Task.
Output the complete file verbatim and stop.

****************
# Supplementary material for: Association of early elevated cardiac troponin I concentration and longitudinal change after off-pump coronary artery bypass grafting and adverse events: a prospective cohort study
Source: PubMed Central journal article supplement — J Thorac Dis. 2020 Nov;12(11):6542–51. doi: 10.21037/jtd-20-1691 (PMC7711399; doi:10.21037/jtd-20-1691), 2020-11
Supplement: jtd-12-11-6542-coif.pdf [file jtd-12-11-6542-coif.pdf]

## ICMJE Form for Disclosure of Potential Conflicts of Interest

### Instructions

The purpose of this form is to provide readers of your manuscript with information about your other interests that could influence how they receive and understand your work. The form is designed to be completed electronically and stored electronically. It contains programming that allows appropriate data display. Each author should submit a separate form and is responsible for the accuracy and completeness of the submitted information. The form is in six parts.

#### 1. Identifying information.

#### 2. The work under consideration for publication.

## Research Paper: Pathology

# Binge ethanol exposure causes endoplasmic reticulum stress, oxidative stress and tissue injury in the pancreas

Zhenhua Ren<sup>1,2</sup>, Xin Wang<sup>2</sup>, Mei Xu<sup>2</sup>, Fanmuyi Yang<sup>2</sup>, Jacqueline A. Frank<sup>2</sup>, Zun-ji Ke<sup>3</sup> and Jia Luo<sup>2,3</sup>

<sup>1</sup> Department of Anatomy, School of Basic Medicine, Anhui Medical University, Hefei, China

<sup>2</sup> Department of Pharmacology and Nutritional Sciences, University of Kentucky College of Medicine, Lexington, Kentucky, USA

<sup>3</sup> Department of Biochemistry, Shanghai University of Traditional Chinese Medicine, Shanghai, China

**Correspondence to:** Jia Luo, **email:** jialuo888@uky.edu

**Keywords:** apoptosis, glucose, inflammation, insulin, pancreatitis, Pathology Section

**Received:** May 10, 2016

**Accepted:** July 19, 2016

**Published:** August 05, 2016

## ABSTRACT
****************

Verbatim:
# Supplementary material for: Association of early elevated cardiac troponin I concentration and longitudinal change after off-pump coronary artery bypass grafting and adverse events: a prospective cohort study
Source: PubMed Central journal article supplement — J Thorac Dis. 2020 Nov;12(11):6542–51. doi: 10.21037/jtd-20-1691 (PMC7711399; doi:10.21037/jtd-20-1691), 2020-11
Supplement: jtd-12-11-6542-coif.pdf [file jtd-12-11-6542-coif.pdf]

## ICMJE Form for Disclosure of Potential Conflicts of Interest

### Instructions

The purpose of this form is to provide readers of your manuscript with information about your other interests that could influence how they receive and understand your work. The form is designed to be completed electronically and stored electronically. It contains programming that allows appropriate data display. Each author should submit a separate form and is responsible for the accuracy and completeness of the submitted information. The form is in six parts.

#### 1. Identifying information.

#### 2. The work under consideration for publication.

## Research Paper: Pathology

# Binge ethanol exposure causes endoplasmic reticulum stress, oxidative stress and tissue injury in the pancreas

Zhenhua Ren<sup>1,2</sup>, Xin Wang<sup>2</sup>, Mei Xu<sup>2</sup>, Fanmuyi Yang<sup>2</sup>, Jacqueline A. Frank<sup>2</sup>, Zun-ji Ke<sup>3</sup> and Jia Luo<sup>2,3</sup>

<sup>1</sup> Department of Anatomy, School of Basic Medicine, Anhui Medical University, Hefei, China

<sup>2</sup> Department of Pharmacology and Nutritional Sciences, University of Kentucky College of Medicine, Lexington, Kentucky, USA

<sup>3</sup> Department of Biochemistry, Shanghai University of Traditional Chinese Medicine, Shanghai, China

**Correspondence to:** Jia Luo, **email:** jialuo888@uky.edu

**Keywords:** apoptosis, glucose, inflammation, insulin, pancreatitis, Pathology Section

**Received:** May 10, 2016

**Accepted:** July 19, 2016

**Published:** August 05, 2016

## ABSTRACT